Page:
The Most Important Thing (The End)

Ten years!  Ten years passed, and I thought I had left everything behind, embalming all these memories, leaving well enough alone.

But on the plane, I picked up a newspaper.  The second page had a picture of you in it.

I could only half make out the text, so I asked a stewardess what it meant.

This person, she pointed out, was taking over her father’s company.  Her father’s company owned buildings and hotels and offices, a huge portfolio of the same buildings where we had once laughed and played.  Your father’s company, now your company, was a subsidiary of one of Korea’s biggest global conglomerates.

As the plane descended into the city, time and space warped and swept through me again.

I knew enough about Korean corporate culture and succession, that for this, you had to have been groomed.  But starting when?  From a young age?  Had you grown up with chauffeurs and maids, attending school on scholarships?

Those men you got into cars with, had they been drivers in jackets, these men with whom I had accused you of cheating?  Had you been thinking of this fate, all laid out for you, when you first disappeared and you reappeared again, that night we drank with Yong and Moon and Katherine?

Had you been thinking of its consequences, of this fate, every time you bit your lip or creased your eyebrows when I asked you what you were going to do after graduating?

You had to have been thinking of these things every time I asked you about what your family did and you played dumb, saying it had something to do with real estate.

Whenever I asked you where your house was, you refused, saying that it was scandalous for me to know, and whenever I said let’s meet at one of those department stores managed by your father, you started talking about that one very bad experience of customer service, making faces, saying that it had just been bad, so bad, that you would never go there again.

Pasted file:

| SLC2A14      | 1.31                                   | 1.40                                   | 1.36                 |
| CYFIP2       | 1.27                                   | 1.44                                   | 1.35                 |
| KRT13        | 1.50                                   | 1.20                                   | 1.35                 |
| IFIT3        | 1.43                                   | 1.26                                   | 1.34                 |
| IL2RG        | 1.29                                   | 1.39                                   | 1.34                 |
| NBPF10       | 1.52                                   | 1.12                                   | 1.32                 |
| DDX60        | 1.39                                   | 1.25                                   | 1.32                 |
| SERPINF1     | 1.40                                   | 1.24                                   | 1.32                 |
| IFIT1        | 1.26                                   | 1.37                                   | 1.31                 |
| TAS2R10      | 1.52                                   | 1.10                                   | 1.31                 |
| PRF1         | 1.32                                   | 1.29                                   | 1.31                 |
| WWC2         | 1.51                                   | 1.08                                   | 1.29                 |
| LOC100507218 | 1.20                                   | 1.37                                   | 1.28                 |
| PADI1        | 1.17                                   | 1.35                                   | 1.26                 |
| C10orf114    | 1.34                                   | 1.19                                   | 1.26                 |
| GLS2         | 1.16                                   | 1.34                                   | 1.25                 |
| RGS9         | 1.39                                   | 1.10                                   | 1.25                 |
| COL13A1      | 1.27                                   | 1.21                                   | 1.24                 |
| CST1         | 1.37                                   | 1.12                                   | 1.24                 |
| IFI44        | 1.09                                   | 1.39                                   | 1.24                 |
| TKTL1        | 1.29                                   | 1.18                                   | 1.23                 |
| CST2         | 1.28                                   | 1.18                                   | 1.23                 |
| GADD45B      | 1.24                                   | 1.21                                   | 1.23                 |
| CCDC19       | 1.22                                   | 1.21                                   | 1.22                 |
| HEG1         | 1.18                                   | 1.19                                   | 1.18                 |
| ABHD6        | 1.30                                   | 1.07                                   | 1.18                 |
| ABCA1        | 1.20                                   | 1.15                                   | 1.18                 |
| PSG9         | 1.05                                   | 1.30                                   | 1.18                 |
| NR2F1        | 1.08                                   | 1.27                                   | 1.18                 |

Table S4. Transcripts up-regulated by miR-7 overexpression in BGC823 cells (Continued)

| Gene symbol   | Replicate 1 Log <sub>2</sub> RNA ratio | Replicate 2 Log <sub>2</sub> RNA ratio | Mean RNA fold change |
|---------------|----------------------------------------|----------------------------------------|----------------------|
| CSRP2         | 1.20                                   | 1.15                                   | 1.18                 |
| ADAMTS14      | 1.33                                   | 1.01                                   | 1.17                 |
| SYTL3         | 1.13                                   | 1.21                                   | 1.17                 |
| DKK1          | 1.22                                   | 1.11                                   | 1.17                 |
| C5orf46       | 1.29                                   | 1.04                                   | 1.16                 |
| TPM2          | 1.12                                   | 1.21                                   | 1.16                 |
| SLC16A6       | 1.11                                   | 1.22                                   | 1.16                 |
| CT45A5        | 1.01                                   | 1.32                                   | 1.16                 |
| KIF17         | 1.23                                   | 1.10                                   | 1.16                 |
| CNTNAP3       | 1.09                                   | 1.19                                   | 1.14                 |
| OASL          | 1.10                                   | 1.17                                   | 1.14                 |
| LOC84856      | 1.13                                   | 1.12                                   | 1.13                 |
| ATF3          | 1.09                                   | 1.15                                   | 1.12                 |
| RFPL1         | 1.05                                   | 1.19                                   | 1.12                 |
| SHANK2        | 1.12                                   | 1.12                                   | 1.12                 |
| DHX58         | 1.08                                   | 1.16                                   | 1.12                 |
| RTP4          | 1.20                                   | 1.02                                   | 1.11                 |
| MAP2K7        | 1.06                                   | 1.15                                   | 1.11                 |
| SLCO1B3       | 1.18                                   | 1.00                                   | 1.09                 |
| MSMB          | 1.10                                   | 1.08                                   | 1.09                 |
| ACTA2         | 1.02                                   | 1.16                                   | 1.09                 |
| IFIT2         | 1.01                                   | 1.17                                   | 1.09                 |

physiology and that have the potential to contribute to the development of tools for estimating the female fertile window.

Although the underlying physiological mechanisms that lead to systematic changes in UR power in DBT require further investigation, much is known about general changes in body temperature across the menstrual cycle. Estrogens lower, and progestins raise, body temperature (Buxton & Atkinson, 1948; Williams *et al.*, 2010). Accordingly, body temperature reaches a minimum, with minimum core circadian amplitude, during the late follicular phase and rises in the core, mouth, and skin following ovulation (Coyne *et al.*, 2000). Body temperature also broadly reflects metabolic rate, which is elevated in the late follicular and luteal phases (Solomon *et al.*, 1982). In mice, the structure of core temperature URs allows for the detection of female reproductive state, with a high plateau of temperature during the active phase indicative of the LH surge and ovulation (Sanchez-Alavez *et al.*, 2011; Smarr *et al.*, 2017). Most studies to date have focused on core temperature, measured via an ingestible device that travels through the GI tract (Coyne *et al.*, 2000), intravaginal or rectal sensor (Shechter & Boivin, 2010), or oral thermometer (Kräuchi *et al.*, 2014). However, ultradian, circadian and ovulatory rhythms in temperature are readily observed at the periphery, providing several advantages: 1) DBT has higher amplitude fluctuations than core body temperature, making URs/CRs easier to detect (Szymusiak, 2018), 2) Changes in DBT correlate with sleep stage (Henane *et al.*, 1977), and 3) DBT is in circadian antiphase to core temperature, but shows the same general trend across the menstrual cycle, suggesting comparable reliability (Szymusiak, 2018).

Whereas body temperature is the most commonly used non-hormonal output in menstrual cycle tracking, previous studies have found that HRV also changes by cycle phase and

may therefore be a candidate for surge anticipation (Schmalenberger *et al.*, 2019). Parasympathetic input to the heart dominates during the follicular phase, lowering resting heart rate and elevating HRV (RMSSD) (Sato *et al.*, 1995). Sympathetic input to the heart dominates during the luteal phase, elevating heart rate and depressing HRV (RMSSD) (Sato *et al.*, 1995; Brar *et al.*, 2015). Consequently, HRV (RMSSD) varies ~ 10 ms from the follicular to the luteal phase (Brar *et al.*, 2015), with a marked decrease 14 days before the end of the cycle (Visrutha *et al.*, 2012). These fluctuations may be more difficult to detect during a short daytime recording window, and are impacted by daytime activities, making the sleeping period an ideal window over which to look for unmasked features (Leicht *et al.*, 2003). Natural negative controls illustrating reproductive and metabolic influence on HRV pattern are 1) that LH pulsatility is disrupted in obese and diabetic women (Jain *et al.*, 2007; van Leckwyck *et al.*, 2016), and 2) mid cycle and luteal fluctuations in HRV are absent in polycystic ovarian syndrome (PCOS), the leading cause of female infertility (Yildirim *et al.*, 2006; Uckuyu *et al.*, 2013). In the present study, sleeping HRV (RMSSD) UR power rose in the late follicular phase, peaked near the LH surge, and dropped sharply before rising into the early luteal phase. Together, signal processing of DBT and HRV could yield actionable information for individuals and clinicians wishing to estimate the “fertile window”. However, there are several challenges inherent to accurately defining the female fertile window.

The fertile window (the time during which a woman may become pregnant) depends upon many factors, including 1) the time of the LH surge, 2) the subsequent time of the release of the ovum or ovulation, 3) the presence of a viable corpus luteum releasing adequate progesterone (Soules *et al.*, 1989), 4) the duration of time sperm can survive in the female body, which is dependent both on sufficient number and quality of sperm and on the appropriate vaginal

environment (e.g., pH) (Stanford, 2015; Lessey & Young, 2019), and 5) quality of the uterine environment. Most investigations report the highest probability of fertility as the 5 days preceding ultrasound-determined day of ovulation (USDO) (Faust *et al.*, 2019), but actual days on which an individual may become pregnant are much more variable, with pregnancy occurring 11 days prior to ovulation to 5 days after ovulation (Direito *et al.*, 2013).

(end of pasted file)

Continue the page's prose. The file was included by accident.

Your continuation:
But surely, you had considered this life, spread out before you like a banquet, that night in Chuncheon where having drunk profusely, we stood under that full moon huge above the mountains, as if ready to be plucked right out and eaten piece by piece, where the dark valley spread out before us, gaping and vast, over a frozen river that clink clinked and echoed throughout when we threw rocks down on it, where the snow whispering under us was the only other sound.

It was that night we talked until the words themselves changed meaning, forming stars streaming across a new perfect world, when we discovered that we had been looking in exactly the same direction.

That night we covered each other with down and rolled together, and when I touched your face you curled up beside me, because it was so, so cold, and there was the landscape of your neck, alabaster sheen, and we moved together in the stillness, with slight sounds, like lotus leaves dropping slowly from the ceiling, and I laid you down on the bed, light lapping over your body as I held your thighs until they opened and something broke between us and we flowed and cried and laughed, and then we held each other and were brushed with dark fingers, fronds of a plant that grows only in the night.

That night of my mistake, that night when I hesitated, when right before the dawn shot over the hills, you looked at me soberly, from the other side of the fog, directly into my eyes, with your own eyes full of fear and watery courage and said with vicious calm:

Tell me to come with you.

You looked directly into my eyes and whispered, tell me, tell me that.

And I didn’t.


What is love? 

Courage, you said.

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